Quick recap: After a distant uncle leaves him millions, Longfellow Deeds moves from an idyllic small town to the big city. Once there, he is taken advantage of and laughed at for such shocking things as giving donuts to a horse and playing the tuba. To make matters worse, the girl he falls in love with turns out to be an undercover reporter who has been writing all the sensational stories about him in the newspaper.
Fun (?) fact: The verb ‘doodle’ originated from this movie as well as the term ‘pixelated’, which was a popular word for a few years and then died out.
My thoughts: There is nothing I enjoy more than an American classic movie, provided I see the following: a spinning newspaper montage, a fainting lady, a climactic courtroom scene, and a random musical number. And boy howdy, did this movie deliver. After the 4th or so spinning newspaper montage, I realized that I had reached American classic movie heaven.
Seeing as how Mr. Deeds Goes to Town is labeled as a ‘screwball comedy’, I knew there wouldn’t be much thinking involved. I was disappointed with the first 10 or so minutes of the film because I couldn’t understand a word anyone said because they talked so fast. After I turned on the subtitles, however, I really started to enjoy myself. This movie is about as predictable as they come, and that’s okay sometimes. It was relaxing to find myself laughing over the sillier parts and rolling my eyes through the mushier ones. I think I was most surprised by the amount of heart this film had. Gary Cooper as Longfellow Deeds was the perfect fit. He was adorably naive, and yet was sometimes the sanest person around. I genuinely felt for him when the writers made fun of his poetry and my heart broke when he realized the woman he was in love with had secretly been making fun of him the entire time. Plus, Gary Cooper has a strong resemblance to Bill Nye that endeared him to me even more.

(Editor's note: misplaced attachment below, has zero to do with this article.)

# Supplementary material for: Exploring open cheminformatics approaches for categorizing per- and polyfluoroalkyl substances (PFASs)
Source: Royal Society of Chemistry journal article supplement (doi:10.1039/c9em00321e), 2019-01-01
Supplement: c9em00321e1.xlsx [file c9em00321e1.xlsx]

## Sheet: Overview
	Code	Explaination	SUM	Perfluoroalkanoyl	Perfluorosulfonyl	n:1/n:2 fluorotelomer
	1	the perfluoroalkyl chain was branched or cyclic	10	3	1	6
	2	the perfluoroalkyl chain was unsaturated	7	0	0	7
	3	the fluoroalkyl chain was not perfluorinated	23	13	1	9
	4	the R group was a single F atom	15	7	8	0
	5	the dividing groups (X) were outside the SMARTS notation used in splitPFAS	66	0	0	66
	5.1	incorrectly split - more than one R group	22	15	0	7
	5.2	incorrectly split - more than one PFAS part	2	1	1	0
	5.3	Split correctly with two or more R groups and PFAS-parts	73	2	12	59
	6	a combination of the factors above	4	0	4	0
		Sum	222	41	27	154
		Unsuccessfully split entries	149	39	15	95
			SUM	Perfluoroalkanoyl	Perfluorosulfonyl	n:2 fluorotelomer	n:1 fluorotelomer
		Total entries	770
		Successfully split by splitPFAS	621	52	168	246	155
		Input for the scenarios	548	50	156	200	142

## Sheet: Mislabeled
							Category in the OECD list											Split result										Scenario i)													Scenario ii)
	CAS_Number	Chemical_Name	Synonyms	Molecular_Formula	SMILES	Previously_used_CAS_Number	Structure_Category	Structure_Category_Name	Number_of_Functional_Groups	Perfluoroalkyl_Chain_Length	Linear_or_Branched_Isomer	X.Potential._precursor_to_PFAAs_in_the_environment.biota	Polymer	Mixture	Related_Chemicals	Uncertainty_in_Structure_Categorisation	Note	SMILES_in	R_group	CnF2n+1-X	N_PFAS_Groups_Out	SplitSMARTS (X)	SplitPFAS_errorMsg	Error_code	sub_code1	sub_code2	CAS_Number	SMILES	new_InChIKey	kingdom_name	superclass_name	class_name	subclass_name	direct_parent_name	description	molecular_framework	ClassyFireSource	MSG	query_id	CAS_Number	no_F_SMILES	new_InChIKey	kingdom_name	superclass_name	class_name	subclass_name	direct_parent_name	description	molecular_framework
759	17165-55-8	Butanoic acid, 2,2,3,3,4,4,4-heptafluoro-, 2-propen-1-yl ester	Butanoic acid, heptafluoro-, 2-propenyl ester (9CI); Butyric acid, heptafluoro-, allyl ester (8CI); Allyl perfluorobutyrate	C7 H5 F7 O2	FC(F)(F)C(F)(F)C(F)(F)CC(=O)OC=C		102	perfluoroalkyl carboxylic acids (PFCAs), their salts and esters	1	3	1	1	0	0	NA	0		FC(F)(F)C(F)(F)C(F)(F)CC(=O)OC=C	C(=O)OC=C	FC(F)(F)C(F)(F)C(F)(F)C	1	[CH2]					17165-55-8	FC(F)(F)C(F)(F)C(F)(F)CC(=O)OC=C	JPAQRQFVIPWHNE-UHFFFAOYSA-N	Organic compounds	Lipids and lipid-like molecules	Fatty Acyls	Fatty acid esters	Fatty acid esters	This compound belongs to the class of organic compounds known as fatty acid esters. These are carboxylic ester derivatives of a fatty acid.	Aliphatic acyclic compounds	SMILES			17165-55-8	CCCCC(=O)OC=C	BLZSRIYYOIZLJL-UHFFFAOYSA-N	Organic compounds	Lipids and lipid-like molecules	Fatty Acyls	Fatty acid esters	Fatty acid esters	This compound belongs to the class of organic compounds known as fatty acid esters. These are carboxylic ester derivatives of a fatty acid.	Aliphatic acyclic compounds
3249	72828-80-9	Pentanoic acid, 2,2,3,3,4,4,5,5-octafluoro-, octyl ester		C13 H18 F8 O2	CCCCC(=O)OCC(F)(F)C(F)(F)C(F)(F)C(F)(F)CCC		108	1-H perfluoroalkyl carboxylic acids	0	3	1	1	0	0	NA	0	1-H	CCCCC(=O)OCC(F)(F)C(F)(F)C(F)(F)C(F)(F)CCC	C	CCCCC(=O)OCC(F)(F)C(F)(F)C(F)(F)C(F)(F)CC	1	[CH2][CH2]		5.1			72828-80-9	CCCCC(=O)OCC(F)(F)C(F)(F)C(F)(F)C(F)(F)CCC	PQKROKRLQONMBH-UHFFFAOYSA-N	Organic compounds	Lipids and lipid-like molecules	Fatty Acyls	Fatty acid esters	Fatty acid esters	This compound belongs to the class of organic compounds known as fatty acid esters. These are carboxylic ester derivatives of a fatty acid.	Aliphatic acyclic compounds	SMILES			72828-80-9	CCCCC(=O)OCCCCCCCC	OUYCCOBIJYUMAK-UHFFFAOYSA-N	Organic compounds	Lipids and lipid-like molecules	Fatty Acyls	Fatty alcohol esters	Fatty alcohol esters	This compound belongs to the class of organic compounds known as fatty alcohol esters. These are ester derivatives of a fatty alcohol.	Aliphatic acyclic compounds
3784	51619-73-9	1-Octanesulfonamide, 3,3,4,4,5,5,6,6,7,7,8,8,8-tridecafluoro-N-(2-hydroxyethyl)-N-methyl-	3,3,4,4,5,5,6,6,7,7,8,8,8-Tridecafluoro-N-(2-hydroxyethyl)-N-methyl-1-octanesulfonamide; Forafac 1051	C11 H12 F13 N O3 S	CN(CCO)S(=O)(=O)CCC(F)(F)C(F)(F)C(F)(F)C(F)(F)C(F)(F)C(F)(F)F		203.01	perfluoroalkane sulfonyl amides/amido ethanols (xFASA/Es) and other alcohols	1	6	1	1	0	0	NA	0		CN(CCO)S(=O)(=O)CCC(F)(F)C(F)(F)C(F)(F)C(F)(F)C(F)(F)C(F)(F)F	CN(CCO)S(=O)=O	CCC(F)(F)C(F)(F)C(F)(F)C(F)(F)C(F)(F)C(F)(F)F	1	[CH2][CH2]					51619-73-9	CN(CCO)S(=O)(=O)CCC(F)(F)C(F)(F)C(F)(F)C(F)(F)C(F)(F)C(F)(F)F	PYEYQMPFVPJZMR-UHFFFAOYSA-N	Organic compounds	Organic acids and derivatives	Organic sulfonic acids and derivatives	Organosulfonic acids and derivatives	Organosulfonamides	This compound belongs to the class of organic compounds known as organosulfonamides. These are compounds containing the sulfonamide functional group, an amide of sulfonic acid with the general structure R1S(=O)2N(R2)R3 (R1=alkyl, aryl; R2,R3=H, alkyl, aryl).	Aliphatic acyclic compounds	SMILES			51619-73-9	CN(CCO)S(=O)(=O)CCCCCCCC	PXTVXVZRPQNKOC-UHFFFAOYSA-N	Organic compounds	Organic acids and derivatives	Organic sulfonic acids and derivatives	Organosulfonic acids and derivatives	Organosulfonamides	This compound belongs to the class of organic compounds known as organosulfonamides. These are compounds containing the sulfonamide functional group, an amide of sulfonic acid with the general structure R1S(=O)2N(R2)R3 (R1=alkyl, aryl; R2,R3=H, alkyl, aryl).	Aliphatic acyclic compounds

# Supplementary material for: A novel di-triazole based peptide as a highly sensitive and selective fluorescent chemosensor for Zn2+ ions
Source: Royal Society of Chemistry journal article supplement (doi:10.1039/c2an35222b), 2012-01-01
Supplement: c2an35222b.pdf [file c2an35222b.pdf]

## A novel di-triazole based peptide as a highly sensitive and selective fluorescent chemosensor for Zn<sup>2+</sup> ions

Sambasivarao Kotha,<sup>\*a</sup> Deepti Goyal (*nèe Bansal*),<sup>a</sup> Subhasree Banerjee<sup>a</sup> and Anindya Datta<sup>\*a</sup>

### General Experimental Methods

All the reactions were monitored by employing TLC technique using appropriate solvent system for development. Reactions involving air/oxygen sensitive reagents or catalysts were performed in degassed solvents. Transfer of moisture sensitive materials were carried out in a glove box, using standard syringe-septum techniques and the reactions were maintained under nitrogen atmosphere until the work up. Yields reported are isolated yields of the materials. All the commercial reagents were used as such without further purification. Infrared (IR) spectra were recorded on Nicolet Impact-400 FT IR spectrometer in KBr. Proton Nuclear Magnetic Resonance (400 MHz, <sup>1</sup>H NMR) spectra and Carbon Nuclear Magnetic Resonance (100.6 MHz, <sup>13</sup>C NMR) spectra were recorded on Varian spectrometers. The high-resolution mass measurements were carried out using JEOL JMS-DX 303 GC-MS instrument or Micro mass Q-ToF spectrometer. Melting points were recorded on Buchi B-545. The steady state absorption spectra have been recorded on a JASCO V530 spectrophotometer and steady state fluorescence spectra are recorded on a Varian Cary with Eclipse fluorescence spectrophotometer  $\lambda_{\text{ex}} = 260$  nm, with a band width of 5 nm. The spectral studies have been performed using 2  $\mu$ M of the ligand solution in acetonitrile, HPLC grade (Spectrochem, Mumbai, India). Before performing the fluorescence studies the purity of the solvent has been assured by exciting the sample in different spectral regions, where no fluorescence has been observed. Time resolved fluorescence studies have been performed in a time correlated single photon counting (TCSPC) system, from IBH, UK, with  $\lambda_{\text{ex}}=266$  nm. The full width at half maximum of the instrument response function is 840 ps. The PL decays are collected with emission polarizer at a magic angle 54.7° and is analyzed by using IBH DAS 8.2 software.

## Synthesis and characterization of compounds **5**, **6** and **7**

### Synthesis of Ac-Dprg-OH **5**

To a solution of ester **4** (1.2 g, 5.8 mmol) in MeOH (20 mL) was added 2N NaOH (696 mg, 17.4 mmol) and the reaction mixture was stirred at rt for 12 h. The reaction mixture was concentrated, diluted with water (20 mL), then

Mr. Deeds Goes to Town is adequately entertaining, but for me, really shines in a historical context. The way the small town is described is not what was really going on, but instead what Americans expected in the Great American Dream. In many ways, this movie sparked that idea of quintessential small town values trumping anything the big city has to offer. The tie in to the Depression was also an apt one. As Deeds tries to do good by not becoming a cynical fat cat, he ends up falling short of his own expectations when he realizes all the farmers he could be helping with his fortune. The scene were the farmer barges in on Deeds and points a gun at him was a little schmaltzy, but the movie’s heart was in the right place.
I felt the courtroom scene went on too long and all loose ends were tied up a little too neatly. As more and more witnesses came forward with their shocking tales of Deeds, I wondered how he could possibly explain away every person’s complaint, but somehow he did . I knew from the first few minutes of the film that I would get a happy ending, but I suppose I was hoping for a little more substance than what I got. Then again, this is an American classic, and a courtroom scene is a necessary trope.
Final review: 4/5. I’d watch again just for Gary Cooper.
Up next:The Bride of Frankenstein
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